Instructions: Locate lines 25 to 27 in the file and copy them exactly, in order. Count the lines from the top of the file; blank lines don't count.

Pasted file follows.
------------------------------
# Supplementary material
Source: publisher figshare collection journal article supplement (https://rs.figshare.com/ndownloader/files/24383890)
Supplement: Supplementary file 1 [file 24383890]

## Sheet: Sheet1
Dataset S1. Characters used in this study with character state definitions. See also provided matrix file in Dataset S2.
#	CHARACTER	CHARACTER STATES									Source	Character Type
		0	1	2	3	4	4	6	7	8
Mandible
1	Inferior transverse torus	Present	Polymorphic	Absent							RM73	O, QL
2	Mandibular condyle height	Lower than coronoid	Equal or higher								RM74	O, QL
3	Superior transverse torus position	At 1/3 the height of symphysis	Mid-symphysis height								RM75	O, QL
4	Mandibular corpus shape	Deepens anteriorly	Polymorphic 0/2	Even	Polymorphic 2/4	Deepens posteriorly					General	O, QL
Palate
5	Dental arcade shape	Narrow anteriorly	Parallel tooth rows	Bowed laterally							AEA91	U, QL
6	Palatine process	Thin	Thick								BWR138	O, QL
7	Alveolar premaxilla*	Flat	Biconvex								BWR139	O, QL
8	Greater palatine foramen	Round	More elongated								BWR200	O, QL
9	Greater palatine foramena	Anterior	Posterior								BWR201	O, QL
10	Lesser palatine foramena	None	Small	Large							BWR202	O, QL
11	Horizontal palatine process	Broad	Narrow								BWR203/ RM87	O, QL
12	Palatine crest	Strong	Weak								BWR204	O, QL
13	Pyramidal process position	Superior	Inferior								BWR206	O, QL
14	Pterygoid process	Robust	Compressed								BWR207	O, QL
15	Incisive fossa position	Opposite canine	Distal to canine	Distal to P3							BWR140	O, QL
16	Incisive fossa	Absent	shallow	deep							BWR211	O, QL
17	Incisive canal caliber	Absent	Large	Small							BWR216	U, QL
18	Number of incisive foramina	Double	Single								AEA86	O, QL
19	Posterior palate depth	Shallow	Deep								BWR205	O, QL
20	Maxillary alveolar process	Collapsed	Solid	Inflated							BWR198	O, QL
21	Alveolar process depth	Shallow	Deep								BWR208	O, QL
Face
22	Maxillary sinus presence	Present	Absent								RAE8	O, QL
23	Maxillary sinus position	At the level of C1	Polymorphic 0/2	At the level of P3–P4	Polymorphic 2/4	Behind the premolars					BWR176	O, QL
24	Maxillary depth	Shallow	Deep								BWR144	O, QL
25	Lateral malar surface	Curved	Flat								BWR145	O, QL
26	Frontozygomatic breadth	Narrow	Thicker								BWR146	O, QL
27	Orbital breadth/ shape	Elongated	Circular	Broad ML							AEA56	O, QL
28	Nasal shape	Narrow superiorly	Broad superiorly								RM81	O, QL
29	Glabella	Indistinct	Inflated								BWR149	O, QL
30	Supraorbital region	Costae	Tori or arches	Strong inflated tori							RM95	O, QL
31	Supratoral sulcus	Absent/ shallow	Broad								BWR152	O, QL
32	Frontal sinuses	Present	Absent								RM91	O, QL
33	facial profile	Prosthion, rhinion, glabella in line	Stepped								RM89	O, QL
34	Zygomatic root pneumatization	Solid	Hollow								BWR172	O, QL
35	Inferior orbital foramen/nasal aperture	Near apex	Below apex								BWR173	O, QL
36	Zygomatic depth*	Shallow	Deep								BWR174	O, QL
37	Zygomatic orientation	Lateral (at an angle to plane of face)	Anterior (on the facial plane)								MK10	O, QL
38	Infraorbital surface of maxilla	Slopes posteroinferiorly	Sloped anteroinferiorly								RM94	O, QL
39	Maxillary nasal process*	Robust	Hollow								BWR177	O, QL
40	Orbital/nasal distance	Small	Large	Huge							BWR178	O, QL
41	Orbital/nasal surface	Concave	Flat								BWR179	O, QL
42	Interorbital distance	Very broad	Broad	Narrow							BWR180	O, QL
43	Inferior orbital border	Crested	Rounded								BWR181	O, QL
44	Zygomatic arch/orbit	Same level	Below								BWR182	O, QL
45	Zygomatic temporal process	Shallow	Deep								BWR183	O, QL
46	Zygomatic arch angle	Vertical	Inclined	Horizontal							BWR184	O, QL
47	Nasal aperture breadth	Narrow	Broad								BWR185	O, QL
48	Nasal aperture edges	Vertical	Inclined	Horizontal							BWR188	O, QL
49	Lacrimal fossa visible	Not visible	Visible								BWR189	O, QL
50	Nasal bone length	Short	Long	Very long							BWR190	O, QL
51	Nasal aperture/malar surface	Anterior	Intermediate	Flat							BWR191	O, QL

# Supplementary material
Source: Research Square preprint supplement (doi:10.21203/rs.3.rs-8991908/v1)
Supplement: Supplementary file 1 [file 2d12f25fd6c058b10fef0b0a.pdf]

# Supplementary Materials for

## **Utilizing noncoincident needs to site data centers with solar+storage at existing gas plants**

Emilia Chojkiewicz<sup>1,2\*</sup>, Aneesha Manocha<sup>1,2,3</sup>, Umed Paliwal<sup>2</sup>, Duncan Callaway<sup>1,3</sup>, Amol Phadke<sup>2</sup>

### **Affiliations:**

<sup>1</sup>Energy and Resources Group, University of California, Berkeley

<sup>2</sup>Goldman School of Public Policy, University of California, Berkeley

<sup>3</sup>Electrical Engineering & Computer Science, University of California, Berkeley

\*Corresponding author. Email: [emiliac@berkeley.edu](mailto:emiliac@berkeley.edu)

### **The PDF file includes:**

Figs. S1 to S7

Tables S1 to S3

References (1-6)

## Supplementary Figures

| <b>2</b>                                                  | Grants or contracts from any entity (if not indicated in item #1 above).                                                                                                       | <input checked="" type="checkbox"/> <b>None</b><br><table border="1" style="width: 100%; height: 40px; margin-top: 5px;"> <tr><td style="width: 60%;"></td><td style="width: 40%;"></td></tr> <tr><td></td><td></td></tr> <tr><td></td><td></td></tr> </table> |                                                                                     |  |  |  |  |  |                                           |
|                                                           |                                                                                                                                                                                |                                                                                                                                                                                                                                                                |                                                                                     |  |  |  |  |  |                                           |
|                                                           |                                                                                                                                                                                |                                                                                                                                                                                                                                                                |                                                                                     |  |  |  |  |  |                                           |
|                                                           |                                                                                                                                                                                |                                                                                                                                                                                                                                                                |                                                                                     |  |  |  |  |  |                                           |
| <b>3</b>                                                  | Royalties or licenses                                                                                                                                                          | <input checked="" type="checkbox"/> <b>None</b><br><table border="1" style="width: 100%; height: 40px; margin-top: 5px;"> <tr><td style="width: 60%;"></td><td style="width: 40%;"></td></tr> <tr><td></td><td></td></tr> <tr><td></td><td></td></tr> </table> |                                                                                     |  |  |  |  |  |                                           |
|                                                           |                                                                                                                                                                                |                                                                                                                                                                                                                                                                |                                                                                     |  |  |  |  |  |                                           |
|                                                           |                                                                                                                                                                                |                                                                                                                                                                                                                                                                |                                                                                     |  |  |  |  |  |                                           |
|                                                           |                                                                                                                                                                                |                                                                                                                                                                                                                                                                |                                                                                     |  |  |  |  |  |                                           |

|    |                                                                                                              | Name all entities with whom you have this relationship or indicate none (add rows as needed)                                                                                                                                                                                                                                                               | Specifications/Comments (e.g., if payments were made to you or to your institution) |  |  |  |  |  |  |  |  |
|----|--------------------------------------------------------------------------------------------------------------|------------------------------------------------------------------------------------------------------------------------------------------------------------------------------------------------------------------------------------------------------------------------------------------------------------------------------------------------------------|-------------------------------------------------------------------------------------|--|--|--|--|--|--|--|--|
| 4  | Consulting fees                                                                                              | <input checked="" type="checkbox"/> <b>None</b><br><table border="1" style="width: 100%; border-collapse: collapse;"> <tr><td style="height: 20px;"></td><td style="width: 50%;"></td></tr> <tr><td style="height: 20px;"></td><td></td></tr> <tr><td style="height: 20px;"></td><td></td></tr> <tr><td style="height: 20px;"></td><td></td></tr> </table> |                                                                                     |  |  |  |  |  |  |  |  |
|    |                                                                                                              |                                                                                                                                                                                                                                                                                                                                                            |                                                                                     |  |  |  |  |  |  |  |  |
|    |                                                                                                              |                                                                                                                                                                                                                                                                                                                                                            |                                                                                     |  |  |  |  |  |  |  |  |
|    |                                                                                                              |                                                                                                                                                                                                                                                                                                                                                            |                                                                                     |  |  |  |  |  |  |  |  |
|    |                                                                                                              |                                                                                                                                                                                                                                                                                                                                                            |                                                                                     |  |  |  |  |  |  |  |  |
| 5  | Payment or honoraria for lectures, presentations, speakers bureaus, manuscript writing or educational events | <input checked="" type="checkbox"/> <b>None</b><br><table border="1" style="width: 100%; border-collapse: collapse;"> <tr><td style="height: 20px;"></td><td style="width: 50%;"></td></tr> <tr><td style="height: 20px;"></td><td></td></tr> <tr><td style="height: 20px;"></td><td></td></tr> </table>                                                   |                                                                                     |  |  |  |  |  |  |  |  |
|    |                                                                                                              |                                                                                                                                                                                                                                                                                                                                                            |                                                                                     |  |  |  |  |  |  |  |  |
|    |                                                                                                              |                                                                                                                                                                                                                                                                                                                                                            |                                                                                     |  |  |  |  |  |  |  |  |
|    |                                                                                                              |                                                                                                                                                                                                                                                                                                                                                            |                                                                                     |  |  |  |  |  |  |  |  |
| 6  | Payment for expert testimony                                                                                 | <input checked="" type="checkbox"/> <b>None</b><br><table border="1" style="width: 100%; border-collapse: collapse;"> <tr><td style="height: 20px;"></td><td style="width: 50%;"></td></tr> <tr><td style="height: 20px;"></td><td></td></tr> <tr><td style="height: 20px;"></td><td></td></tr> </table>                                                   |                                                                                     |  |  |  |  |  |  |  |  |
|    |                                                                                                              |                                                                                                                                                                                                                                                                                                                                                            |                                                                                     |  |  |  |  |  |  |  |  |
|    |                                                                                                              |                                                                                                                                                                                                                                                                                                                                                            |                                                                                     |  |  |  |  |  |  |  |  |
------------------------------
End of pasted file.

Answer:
16	Incisive fossa	Absent	shallow	deep							BWR211	O, QL
17	Incisive canal caliber	Absent	Large	Small							BWR216	U, QL
18	Number of incisive foramina	Double	Single								AEA86	O, QL